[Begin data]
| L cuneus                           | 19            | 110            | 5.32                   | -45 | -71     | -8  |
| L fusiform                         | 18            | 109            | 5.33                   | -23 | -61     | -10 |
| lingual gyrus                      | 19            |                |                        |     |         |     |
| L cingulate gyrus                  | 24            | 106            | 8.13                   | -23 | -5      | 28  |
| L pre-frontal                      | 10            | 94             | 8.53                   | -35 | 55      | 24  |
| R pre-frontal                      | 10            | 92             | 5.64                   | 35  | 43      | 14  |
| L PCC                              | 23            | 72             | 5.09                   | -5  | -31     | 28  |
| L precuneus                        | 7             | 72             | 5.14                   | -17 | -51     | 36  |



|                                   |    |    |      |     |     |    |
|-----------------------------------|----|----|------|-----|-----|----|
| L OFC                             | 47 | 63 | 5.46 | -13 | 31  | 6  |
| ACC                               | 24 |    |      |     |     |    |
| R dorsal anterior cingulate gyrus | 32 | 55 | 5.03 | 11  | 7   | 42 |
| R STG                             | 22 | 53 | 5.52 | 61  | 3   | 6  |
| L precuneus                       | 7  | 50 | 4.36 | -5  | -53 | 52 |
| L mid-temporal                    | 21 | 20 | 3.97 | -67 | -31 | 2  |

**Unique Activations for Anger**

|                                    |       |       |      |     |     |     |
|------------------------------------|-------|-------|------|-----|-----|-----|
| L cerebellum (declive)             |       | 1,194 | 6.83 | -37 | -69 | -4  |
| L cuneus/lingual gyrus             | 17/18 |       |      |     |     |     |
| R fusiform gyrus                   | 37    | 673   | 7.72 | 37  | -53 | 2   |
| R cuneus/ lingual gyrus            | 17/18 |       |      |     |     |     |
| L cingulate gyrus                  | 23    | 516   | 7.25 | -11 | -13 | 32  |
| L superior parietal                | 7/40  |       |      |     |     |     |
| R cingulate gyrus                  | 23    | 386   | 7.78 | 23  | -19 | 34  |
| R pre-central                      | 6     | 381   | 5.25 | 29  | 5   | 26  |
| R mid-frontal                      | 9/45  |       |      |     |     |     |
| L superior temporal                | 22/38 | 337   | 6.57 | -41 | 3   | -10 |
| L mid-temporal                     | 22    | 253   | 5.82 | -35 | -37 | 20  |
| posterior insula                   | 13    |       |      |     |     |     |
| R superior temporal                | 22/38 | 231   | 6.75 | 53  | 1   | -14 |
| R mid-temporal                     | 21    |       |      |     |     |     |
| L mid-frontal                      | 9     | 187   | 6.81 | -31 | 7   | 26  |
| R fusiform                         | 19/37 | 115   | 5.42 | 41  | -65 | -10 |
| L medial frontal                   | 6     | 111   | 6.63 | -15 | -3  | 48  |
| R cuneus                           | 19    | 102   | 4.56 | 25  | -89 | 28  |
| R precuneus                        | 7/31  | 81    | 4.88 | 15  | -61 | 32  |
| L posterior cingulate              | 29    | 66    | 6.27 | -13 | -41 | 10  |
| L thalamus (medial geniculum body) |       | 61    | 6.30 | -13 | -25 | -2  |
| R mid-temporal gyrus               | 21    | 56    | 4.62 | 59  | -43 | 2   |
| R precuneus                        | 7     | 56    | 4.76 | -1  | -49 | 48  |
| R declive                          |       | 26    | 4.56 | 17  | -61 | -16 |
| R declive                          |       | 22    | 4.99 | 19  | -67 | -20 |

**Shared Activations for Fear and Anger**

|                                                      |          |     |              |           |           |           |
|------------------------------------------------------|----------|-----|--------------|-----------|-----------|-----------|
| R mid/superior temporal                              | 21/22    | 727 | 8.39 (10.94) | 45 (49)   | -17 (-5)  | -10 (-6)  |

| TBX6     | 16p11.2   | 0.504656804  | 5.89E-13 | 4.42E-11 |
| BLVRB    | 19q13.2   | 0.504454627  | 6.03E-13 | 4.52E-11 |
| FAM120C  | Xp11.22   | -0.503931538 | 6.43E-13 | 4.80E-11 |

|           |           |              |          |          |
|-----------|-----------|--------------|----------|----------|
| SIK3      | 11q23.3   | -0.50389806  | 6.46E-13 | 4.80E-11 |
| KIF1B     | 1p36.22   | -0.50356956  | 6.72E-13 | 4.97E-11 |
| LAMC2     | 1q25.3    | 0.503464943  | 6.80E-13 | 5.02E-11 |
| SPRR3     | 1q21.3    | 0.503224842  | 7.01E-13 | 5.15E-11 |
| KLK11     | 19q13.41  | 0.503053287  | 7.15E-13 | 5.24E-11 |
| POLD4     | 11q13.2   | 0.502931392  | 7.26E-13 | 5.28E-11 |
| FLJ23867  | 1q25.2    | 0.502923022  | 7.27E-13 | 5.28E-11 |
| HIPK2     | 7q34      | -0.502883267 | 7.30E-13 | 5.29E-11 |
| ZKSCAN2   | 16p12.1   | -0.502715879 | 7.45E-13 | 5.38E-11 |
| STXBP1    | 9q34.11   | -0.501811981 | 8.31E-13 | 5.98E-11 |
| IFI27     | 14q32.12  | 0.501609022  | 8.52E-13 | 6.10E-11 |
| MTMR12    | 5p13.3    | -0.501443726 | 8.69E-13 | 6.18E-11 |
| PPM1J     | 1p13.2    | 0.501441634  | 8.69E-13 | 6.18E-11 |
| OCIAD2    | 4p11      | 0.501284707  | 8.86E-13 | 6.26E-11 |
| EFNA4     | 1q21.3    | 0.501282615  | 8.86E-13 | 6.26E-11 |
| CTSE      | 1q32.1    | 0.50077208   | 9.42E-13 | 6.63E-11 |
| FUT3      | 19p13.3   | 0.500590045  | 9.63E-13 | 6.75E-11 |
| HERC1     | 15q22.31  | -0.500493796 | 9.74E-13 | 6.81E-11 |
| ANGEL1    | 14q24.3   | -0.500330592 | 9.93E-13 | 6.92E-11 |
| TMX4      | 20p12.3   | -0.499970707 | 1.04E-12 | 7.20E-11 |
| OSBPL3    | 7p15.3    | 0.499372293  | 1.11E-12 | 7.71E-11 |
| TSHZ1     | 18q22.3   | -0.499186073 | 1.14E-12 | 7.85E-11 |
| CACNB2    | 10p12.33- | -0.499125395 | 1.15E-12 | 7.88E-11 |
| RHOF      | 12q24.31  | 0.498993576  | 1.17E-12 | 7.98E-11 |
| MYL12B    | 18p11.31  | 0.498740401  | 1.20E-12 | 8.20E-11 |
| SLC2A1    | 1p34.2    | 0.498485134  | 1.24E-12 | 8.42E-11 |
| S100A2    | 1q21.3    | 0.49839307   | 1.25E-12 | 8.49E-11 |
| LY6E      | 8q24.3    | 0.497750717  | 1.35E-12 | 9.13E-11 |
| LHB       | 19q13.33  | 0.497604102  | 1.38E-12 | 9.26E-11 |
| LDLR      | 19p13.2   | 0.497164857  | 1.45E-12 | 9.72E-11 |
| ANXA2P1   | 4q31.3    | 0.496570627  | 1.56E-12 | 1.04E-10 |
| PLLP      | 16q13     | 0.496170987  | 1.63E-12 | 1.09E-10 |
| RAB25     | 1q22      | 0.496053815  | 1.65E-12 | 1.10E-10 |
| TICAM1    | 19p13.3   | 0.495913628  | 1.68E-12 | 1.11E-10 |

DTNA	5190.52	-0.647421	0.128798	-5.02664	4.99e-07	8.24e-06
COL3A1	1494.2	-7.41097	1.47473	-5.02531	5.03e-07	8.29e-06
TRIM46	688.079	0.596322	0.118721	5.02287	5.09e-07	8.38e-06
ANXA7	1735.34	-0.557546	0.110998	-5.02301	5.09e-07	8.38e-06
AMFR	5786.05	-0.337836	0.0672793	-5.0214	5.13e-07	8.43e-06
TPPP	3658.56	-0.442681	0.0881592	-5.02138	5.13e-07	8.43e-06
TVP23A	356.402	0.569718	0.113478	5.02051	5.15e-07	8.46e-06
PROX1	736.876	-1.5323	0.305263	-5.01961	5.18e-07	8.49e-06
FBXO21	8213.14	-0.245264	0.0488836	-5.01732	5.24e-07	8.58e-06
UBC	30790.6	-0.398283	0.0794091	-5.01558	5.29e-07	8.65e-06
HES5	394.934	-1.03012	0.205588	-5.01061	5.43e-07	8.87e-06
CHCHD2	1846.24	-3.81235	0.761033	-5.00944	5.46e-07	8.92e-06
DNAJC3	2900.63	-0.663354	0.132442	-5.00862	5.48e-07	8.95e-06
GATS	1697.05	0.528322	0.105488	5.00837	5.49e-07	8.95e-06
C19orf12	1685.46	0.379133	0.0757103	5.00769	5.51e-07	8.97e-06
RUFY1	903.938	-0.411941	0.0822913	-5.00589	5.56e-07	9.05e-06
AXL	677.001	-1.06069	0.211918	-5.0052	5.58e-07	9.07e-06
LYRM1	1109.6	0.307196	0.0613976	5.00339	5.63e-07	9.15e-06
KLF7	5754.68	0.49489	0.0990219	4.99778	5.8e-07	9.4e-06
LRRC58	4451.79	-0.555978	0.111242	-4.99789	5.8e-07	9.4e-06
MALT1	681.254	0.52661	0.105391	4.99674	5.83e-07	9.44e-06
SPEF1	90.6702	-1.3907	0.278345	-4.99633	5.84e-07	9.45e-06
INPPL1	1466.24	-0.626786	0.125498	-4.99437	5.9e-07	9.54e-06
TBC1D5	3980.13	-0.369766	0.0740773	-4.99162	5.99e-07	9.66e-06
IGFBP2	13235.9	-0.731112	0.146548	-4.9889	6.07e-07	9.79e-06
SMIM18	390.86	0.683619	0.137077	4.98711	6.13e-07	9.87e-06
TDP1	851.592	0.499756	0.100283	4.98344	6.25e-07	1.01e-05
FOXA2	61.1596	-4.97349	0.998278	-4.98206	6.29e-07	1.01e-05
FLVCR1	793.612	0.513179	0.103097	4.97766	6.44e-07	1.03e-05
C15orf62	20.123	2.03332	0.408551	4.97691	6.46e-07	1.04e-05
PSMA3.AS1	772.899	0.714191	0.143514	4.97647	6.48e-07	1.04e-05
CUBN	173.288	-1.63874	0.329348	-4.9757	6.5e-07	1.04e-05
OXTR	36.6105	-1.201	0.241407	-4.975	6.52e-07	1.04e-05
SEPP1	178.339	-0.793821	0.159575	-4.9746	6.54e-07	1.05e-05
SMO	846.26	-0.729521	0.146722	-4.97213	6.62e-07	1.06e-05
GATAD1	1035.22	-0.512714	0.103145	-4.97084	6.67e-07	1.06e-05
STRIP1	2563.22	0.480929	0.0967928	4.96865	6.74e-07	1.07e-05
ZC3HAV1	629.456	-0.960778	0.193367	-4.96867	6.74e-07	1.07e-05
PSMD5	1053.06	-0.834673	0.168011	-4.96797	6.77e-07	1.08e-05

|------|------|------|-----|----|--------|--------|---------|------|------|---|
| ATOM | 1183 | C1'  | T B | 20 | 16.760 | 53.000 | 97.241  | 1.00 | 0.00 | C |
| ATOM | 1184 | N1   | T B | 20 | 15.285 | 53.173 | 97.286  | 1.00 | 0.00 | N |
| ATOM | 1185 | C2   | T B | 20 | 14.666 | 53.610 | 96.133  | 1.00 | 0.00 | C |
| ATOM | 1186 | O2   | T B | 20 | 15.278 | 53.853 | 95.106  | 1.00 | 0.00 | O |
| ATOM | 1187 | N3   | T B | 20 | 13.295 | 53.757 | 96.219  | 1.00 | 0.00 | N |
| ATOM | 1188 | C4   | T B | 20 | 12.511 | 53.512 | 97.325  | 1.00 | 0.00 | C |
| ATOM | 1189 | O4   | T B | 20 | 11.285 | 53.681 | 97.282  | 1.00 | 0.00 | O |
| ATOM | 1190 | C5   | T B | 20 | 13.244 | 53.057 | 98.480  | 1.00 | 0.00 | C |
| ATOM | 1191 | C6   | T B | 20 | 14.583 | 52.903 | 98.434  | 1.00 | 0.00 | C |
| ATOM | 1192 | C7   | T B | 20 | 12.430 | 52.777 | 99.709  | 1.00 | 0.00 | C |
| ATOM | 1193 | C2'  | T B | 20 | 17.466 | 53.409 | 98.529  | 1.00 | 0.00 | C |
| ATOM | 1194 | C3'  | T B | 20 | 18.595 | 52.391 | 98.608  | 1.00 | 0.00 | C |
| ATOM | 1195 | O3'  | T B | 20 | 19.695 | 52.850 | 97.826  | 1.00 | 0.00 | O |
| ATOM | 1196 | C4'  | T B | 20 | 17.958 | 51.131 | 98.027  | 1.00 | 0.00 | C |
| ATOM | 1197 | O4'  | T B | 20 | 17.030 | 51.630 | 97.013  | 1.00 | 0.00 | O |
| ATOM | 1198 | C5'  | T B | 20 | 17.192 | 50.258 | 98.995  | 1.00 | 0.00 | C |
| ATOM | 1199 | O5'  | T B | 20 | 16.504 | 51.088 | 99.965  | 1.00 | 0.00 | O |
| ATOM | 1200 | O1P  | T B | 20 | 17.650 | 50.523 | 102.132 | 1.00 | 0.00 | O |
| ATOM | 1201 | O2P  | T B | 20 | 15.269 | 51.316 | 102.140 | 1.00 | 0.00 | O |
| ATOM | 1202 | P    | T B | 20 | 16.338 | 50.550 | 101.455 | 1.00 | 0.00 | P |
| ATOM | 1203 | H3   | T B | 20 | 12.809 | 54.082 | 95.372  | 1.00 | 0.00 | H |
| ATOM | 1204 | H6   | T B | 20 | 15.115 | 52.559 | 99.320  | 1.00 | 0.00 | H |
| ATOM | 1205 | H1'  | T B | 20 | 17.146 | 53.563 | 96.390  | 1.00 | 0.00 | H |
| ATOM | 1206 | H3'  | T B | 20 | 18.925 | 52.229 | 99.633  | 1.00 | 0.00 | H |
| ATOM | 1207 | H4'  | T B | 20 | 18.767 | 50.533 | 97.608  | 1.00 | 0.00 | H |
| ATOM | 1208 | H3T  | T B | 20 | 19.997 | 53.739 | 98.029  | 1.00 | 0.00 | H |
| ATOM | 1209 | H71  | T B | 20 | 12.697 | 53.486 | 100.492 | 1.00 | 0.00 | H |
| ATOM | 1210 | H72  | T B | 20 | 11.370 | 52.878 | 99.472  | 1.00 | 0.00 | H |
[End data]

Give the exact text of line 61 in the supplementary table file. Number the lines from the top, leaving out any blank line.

| HIPK2     | 7q34      | -0.502883267 | 7.30E-13 | 5.29E-11 |